The new SEC marketing rule calls to mind the Peter Parker principle: "With great power comes great responsibility." (Any Spider-Man fans out there?) The marketing rule consolidates two outdated rules and accounts for updated technology, like social media. It was a long time coming, providing a much-needed update to advertising regulations in place since 1961 and cash solicitation rules in place since 1979. Now, advisers can choose whether to implement the rule on or after the effective date of May 4, 2021, or wait until the compliance date of November 4, 2022. But here's the catch: advisers who act now must comply with the rule in its entirety; that is, no cherry-picking some rule requirements and ignoring others. It’s a big decision, and advisers aren’t taking it lightly.
On March 3rd, the SEC released its examination priorities for 2021. Here’s what they called out:
By Charles Black
Reality Check is an occasional blog post series we do where we analyze actual SEC enforcement actions or examination experiences and give you a summary of what to expect in the “real world.”
With every new regulatory policy or form, the first time implementing it is always challenging. There are no models to follow or examples to guide you. Fortunately for our readers, we’ve cleared away some of the high brush to give you a clearer path.
Joot’s compliance experts have completed nearly two dozen Form CRSs for our clients. Based on that experience, here are 10 things to keep in mind.
The words “SEC/FINRA exam” can trigger the jitters in most CCOs across the industry. They’re out to get me! Will they shut down my firm? Will I still have a job when they finish? Perhaps these thoughts and many others have crossed your mind when you got the dreaded phone call from your local SEC/FINRA office notifying you that you’ve been “selected” to go through an examination by their Staff.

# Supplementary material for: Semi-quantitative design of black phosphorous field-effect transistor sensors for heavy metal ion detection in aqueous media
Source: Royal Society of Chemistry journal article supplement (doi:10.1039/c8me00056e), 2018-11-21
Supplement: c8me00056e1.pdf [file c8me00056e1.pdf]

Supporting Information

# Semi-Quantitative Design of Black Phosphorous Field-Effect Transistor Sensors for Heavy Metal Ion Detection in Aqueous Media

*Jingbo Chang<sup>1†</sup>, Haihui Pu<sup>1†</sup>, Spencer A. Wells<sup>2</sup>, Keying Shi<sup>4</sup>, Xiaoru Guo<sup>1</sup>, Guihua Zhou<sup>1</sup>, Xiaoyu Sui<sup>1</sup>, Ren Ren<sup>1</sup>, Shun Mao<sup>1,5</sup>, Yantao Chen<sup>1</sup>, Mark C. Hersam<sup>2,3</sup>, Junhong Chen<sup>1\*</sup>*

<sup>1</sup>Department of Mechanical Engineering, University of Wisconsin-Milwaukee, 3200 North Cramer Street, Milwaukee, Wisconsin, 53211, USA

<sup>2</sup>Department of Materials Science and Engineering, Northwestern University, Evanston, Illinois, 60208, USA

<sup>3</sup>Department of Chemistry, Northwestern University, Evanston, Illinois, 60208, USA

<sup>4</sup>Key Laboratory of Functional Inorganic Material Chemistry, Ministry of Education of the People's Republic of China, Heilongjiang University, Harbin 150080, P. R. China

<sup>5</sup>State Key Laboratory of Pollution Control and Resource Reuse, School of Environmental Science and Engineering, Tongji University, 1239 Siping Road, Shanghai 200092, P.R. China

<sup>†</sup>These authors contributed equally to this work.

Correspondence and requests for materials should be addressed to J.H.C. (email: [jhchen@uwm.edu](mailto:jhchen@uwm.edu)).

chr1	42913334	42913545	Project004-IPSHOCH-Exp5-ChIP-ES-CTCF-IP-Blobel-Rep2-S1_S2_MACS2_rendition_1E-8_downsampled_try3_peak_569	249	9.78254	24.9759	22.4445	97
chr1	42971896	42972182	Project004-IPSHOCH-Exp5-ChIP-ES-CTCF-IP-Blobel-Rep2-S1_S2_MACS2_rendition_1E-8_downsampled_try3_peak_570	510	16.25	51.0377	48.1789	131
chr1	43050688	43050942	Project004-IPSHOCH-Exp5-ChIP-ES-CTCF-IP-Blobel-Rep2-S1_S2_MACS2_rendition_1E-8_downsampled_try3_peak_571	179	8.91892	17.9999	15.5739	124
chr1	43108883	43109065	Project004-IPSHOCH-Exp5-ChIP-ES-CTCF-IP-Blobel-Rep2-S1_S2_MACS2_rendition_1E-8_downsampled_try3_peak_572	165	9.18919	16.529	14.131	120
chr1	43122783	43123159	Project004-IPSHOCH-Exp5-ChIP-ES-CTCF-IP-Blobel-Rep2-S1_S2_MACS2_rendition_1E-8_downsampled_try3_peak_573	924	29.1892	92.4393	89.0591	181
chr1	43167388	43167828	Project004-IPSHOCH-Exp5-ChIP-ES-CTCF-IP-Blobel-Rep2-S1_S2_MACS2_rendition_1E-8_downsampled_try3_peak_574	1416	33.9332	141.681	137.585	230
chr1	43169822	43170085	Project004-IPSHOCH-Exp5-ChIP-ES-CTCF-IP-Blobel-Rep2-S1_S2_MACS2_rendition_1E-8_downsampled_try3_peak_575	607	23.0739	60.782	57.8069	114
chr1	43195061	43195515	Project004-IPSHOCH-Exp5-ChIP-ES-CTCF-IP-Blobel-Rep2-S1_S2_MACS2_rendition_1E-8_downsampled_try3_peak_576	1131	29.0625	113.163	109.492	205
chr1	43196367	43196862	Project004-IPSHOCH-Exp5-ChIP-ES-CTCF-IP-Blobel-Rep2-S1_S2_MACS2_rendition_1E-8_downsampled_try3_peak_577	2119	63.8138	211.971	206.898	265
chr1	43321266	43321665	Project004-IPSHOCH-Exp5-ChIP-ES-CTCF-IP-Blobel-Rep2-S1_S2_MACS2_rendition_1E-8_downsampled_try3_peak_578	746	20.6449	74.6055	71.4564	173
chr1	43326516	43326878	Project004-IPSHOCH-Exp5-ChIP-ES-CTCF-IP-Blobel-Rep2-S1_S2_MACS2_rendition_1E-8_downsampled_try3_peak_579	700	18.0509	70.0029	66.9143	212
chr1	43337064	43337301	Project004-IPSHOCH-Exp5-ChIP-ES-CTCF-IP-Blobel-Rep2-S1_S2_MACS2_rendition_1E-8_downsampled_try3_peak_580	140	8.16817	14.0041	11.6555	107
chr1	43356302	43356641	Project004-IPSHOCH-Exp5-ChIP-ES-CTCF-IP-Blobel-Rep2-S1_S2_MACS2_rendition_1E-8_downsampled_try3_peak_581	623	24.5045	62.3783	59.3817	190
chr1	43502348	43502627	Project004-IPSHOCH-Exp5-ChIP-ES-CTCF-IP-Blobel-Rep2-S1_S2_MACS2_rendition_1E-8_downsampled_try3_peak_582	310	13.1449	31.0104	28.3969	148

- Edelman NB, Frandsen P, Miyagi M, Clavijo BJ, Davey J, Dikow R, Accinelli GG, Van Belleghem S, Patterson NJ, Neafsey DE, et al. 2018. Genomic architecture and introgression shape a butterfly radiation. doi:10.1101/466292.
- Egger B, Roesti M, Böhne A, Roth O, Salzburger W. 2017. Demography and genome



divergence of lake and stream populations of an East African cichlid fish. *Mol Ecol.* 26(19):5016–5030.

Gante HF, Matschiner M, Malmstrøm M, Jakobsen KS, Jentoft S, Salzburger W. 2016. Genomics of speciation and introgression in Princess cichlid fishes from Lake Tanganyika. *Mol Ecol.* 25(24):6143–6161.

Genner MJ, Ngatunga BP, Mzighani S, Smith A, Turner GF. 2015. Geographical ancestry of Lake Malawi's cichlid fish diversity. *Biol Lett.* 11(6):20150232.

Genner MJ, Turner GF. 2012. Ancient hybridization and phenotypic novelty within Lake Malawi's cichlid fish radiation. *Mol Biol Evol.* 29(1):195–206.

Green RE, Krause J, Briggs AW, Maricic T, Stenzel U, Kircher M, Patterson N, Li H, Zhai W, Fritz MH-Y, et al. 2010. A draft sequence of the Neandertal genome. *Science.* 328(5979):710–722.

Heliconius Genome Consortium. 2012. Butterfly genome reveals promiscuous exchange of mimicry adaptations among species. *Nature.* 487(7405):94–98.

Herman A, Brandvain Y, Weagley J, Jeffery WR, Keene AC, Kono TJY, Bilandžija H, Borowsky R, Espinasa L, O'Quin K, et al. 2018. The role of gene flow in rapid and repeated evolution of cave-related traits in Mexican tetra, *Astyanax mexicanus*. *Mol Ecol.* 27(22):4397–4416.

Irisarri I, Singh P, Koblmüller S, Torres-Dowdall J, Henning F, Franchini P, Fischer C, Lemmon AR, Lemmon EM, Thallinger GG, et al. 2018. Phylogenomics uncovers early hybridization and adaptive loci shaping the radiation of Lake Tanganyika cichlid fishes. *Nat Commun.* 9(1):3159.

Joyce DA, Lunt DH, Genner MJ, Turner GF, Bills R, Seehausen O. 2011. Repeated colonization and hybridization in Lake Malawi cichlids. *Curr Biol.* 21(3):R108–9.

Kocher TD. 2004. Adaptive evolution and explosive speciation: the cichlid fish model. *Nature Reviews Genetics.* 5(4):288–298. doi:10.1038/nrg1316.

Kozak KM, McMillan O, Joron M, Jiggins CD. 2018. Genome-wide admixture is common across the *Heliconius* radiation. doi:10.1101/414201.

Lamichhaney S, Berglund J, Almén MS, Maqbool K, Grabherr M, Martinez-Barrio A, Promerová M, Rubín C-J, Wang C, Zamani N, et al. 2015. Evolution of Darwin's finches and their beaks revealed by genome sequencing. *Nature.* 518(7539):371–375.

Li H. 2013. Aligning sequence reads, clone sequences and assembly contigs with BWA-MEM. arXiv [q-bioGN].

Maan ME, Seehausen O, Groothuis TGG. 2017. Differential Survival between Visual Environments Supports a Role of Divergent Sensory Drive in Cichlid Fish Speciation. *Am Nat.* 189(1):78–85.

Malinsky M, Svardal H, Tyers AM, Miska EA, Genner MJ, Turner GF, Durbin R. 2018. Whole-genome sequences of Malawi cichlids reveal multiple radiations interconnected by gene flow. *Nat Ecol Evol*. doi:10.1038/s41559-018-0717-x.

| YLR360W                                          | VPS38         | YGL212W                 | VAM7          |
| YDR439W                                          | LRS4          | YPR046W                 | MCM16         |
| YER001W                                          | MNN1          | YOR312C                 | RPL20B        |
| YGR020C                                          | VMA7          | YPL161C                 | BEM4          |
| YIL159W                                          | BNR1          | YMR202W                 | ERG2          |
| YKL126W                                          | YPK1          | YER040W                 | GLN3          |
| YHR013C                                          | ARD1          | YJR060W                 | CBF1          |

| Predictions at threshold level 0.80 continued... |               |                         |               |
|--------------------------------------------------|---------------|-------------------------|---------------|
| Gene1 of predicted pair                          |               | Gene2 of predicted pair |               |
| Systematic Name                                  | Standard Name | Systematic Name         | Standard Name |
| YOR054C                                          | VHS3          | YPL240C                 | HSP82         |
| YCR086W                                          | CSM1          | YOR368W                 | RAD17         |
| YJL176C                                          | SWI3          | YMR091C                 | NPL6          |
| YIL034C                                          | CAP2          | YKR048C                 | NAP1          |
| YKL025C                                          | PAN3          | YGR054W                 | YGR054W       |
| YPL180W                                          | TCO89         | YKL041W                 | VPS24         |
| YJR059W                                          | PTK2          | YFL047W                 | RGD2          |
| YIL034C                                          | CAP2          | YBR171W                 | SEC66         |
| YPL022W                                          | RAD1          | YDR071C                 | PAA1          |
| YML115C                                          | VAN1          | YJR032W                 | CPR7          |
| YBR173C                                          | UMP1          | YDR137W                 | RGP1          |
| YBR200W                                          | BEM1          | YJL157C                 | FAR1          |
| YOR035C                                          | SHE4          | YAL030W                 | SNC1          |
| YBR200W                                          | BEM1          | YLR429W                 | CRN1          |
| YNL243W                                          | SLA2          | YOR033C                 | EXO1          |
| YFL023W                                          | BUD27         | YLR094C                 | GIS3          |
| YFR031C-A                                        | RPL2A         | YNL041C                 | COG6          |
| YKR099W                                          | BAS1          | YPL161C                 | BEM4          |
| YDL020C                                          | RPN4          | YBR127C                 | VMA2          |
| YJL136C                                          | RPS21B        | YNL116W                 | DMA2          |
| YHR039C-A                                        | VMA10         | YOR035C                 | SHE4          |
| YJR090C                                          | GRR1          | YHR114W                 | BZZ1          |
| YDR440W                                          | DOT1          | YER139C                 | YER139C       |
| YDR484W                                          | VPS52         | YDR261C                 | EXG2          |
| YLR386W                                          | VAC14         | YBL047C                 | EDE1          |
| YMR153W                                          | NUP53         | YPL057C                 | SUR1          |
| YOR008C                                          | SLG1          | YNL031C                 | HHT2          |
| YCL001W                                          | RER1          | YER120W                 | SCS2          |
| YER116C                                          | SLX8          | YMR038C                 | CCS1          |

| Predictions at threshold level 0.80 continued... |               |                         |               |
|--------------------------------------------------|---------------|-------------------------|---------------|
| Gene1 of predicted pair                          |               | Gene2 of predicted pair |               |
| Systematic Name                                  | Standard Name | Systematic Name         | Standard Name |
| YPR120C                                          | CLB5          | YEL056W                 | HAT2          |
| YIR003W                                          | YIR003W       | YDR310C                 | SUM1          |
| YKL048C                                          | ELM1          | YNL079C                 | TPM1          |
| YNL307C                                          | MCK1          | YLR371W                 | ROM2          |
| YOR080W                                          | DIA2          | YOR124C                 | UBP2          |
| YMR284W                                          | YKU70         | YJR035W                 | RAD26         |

What is the cost of non-compliance? How much should an RIA spend on compliance? Are these compliance tools and services worth it? The answers to these questions become clearer when we look at both the direct and indirect impact of examination and enforcement actions taken by the SEC.
1961, Was it really a "good year?" Some of us couldn’t say for sure since we weren’t even born yet! For those of us that were, gas was about 27 cents/gallon. John F. Kennedy was President and about to deal with the "Bay of Pigs" debacle which would tarnish his first year in office. East German authorities closed the border between East and West Berlin and construction of the Berlin wall would commence. Pampers were introduced as the world’s first disposable diaper. Oh, and the Securities and Exchange Commission published the first rule on advertising!
The SEC’s Office of Compliance Inspections and Examinations (“OCIE”) announced its 2020 examination priorities on January 7, 2020. OCIE releases this list on an annual basis in order to provide the industry with insights into areas it may focus on thorough the examination process. All the priorities listed on the 2020 list were also on the 2019 list, with some new additions. Which makes us wonder if anything will ever be taken off the list, or if there will just be new additions? Only time will tell.
Recent activity by the Securities and Exchange Commission (“SEC”) highlight its continued focus on cybersecurity. In a Risk Alert issued by the SEC’s Office of Compliance Inspections and Examinations (“OCIE”), the staff highlighted weak controls related to safeguarding customer information in network storage, including third-party providers.
Ah, welcome to the hot days of summer, which technically doesn’t start until June 20. But that didn’t stop temperatures around the U.S. from topping 95 degrees last week. Whew! And with that warm, beach weather comes the start of vacation season. So in case you forgot to pack that massive stack of reading material that you’ve been collecting since January, below are some articles for your reading pleasure. (Please note that subscriptions may be required for certain articles, sorry.)
At the beginning of June, the SEC announced settlements against 13 private fund advisers for failing to provide the required information in Form PF. Generally, Form PF requires information on private funds managed by investment advisers if the total assets of the private funds are over $150 million. The form, which became effective in 2012, asks for information on a private fund’s assets under management, strategy, performance, investments, and other areas. The form must be updated annually or when there is a material change to the information in the most recent filing. As stated in its orders, the SEC and other regulatory, such as the Financial Stability Oversight Council, use the information in Form PF to watch systemic risk in the private fund industry. Additionally, the SEC uses the form in regulatory exams and investigations. (Emphasis added.) The same is true for Form ADV.
IM Director's Recent Remarks on Standards of Conduct & Liquidity Risk Management
by Peter Michael Allen